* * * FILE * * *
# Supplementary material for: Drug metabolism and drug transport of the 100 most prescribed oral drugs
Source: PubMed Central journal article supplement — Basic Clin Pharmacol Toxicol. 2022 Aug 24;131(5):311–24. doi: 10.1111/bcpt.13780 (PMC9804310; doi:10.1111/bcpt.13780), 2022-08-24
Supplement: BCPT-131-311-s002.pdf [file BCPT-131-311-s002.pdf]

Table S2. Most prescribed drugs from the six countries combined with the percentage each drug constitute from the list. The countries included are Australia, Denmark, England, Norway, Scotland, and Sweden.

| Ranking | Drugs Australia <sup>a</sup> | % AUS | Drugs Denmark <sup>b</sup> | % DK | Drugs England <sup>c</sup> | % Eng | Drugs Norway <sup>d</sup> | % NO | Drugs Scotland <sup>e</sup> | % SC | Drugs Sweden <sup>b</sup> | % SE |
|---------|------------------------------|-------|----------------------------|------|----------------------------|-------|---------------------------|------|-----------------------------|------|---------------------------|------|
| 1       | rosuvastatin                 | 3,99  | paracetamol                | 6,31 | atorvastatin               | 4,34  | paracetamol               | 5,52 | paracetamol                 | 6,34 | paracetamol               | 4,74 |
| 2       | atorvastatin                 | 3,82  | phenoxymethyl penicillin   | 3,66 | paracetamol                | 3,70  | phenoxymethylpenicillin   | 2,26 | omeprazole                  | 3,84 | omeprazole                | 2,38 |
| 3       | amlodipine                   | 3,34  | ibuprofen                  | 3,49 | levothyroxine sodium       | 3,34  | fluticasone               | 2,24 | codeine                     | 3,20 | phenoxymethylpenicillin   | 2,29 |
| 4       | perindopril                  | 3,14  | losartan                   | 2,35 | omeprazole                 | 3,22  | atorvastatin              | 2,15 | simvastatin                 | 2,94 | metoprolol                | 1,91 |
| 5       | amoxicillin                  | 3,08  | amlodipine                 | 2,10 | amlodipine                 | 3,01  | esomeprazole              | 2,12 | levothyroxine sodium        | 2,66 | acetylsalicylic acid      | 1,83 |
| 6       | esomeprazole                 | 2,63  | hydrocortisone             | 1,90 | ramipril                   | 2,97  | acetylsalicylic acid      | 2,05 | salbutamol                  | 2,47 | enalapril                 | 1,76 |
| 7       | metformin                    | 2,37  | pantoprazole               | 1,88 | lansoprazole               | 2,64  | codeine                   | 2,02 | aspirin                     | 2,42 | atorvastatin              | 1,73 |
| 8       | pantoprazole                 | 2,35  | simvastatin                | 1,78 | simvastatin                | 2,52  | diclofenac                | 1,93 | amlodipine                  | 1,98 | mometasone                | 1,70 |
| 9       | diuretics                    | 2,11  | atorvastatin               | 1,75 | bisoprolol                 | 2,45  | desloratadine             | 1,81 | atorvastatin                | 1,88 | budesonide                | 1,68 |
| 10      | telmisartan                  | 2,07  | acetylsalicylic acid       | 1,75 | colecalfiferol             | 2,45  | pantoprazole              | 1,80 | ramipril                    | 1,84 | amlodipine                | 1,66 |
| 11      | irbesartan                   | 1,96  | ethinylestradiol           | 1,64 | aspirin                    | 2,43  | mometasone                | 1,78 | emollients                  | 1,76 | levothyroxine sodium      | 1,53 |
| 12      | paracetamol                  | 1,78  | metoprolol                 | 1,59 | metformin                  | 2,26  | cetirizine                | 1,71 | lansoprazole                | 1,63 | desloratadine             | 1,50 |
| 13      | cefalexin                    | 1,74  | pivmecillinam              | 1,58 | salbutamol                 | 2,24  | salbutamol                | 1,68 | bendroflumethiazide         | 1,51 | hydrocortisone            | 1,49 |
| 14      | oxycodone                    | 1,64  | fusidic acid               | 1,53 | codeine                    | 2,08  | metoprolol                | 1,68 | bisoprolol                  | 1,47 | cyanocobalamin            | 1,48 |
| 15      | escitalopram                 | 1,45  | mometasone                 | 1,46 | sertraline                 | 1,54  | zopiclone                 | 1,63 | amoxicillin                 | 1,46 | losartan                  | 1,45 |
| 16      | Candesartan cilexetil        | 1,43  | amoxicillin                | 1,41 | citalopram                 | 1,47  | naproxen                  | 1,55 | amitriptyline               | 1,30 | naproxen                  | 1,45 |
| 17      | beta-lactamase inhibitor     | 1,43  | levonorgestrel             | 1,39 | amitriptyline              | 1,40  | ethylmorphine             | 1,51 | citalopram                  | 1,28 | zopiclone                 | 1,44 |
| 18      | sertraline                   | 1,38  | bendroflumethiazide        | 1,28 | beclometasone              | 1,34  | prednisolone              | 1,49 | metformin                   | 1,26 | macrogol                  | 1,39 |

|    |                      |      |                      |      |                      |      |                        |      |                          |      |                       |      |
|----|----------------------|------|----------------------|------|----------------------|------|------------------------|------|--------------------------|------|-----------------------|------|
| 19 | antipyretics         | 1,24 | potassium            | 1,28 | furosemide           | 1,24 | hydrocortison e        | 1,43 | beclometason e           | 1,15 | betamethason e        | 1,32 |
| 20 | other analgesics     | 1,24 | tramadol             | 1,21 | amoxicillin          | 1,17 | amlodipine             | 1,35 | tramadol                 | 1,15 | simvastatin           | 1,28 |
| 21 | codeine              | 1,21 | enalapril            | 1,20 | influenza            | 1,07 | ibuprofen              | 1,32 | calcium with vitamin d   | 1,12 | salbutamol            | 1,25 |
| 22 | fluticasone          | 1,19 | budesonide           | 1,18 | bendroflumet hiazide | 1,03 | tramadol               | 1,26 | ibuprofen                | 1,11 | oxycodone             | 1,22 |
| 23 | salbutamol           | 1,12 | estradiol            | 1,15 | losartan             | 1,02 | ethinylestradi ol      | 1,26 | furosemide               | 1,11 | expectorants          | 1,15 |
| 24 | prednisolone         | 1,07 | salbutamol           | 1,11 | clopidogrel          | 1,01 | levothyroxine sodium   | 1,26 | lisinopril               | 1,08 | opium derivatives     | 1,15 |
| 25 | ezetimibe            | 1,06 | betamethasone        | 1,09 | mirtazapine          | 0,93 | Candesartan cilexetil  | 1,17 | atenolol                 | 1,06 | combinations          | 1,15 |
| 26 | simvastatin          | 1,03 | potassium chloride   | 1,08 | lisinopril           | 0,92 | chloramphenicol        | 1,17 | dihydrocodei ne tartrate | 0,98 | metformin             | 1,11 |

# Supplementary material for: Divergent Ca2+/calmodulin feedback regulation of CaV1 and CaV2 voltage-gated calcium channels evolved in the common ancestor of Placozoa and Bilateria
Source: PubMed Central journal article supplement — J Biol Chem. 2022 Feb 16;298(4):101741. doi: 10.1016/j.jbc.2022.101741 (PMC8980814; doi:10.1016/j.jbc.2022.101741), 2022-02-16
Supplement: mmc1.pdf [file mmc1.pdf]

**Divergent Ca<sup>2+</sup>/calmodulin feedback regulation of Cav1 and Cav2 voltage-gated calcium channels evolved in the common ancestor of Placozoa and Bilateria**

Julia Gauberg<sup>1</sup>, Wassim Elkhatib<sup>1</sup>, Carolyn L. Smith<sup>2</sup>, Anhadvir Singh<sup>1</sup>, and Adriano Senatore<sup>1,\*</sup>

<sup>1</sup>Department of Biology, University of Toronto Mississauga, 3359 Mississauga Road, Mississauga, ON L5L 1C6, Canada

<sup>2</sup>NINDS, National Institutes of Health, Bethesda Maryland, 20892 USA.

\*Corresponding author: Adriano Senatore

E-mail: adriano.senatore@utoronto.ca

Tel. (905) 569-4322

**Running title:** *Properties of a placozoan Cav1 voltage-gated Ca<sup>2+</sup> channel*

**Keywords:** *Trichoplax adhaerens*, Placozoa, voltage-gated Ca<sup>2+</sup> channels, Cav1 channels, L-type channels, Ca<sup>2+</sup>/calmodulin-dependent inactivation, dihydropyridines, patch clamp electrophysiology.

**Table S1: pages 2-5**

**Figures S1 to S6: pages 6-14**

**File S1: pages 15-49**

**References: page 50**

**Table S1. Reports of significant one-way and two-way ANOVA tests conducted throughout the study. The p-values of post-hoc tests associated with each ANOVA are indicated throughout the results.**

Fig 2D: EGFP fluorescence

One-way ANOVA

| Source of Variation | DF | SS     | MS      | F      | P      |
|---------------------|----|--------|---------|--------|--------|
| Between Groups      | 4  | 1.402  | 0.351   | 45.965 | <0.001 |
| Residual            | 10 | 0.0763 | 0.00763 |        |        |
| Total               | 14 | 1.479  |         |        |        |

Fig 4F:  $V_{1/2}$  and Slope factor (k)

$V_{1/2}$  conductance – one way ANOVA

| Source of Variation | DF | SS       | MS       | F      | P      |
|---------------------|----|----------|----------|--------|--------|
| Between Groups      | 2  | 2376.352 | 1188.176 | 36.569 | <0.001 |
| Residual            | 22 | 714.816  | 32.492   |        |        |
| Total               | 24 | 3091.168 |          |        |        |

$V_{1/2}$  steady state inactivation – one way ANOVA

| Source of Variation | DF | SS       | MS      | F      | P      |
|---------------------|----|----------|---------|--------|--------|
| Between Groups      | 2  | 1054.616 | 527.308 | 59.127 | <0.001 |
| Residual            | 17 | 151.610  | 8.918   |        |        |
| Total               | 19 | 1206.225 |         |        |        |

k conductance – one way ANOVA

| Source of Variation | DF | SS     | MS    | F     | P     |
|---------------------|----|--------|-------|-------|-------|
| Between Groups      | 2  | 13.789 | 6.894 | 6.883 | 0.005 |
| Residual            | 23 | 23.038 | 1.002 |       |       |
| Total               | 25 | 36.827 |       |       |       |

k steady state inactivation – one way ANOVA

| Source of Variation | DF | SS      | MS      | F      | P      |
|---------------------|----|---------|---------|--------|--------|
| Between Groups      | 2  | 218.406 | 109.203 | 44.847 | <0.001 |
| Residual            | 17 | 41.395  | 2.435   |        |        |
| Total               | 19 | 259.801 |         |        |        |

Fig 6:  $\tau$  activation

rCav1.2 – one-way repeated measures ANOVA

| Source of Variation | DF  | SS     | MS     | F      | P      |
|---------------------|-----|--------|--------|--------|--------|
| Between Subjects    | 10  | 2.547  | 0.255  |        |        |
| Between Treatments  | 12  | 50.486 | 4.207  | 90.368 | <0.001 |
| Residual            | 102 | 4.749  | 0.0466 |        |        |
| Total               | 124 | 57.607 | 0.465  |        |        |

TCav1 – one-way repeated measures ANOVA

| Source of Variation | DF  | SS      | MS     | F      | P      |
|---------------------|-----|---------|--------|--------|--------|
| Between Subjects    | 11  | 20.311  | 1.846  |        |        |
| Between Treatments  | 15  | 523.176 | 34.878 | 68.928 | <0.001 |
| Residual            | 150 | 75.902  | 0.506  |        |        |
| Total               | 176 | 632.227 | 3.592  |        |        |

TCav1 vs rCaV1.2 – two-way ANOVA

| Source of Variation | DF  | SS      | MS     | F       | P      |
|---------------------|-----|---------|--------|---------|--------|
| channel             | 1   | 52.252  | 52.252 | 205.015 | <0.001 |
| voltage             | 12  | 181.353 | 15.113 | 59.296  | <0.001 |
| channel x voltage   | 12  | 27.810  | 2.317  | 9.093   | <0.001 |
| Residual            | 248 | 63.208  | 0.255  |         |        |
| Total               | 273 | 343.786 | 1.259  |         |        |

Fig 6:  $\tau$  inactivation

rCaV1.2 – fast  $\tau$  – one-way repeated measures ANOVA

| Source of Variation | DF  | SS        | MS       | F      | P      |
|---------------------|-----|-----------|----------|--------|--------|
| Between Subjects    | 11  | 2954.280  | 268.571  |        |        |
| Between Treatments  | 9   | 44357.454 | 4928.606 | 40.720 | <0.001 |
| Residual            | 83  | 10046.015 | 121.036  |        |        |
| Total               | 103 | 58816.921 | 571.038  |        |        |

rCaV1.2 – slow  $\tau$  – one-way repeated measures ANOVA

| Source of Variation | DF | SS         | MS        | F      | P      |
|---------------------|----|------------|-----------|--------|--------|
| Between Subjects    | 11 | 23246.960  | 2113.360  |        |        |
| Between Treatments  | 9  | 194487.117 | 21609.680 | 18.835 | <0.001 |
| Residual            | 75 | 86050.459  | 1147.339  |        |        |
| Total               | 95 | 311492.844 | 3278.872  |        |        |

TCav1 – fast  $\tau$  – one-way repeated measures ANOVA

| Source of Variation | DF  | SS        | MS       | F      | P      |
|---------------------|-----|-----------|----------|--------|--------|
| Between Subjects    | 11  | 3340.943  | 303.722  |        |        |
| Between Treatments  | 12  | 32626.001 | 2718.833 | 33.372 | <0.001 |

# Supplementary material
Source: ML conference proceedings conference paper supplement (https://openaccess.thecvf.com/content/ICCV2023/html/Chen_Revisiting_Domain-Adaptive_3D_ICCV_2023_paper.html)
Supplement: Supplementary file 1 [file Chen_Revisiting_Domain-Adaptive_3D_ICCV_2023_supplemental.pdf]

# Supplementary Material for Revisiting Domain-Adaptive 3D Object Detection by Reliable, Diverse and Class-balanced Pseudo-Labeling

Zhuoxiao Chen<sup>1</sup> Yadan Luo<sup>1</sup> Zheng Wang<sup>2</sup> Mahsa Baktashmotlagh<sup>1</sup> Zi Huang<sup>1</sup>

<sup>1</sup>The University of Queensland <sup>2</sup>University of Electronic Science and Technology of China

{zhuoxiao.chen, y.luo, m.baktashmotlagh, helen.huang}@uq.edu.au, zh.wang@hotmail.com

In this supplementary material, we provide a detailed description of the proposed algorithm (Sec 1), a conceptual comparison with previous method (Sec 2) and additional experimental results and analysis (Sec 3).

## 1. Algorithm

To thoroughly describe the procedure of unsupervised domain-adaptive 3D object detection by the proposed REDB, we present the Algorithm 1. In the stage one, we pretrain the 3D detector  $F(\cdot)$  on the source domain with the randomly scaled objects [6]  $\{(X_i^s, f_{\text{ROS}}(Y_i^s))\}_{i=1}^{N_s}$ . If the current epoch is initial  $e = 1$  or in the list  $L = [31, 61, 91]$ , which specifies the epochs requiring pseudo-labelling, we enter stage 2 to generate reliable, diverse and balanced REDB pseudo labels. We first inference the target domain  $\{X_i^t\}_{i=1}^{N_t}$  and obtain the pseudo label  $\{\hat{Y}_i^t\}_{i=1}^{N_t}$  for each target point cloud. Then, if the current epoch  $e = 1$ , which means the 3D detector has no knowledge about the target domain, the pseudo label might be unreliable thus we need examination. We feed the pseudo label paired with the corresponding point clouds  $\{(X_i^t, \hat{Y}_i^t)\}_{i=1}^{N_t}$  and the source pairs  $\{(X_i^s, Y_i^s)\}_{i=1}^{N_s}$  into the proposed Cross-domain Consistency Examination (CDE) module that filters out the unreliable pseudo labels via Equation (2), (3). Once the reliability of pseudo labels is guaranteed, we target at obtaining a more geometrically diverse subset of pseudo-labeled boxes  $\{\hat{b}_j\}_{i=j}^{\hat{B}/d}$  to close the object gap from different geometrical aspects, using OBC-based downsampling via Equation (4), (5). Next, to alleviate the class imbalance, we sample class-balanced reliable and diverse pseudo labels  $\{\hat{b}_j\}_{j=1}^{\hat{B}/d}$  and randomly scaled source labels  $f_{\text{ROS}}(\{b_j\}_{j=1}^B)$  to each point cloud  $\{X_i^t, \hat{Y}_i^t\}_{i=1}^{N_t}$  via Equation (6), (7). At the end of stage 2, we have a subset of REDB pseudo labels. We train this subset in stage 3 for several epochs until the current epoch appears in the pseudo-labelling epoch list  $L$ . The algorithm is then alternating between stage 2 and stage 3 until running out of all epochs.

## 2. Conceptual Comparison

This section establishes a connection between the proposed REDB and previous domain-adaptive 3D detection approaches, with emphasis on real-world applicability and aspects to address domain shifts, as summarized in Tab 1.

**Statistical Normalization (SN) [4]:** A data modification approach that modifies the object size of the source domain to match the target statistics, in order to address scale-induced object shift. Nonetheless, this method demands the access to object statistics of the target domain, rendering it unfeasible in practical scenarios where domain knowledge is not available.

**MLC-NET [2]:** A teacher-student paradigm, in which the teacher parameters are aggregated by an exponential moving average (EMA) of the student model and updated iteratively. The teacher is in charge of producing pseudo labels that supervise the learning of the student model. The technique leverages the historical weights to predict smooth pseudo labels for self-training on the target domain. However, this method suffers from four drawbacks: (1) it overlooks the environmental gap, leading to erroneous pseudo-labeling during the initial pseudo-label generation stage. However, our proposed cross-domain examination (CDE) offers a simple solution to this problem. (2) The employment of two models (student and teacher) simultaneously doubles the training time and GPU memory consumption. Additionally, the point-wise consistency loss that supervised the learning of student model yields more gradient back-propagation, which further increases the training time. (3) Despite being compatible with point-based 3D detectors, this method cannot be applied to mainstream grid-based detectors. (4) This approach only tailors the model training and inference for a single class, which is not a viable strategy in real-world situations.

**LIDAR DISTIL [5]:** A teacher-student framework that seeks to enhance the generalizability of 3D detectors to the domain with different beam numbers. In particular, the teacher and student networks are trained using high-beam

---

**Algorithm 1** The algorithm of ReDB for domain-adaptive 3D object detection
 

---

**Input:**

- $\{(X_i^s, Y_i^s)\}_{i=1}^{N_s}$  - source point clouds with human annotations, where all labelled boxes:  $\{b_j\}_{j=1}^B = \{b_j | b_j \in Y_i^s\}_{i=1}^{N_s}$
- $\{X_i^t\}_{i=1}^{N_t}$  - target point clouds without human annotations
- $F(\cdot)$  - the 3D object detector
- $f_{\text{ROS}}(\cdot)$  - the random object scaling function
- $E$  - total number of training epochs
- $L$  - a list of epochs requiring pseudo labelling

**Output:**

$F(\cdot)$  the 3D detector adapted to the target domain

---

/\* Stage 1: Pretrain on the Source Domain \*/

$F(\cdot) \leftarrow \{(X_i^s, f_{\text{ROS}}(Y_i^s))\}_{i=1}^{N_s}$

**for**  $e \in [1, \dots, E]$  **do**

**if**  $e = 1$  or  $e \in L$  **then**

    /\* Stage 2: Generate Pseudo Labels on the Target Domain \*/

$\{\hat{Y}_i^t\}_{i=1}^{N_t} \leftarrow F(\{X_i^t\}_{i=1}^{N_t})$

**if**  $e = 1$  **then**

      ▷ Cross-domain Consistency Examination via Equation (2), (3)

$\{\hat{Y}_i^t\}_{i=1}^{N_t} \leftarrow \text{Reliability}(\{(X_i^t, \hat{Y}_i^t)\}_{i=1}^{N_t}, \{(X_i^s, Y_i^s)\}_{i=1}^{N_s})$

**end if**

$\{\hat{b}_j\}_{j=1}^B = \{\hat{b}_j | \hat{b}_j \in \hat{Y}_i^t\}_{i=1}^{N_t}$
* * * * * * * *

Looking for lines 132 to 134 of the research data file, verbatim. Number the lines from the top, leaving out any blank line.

<sup>1</sup>The University of Queensland <sup>2</sup>University of Electronic Science and Technology of China

{zhuoxiao.chen, y.luo, m.baktashmotlagh, helen.huang}@uq.edu.au, zh.wang@hotmail.com

In this supplementary material, we provide a detailed description of the proposed algorithm (Sec 1), a conceptual comparison with previous method (Sec 2) and additional experimental results and analysis (Sec 3).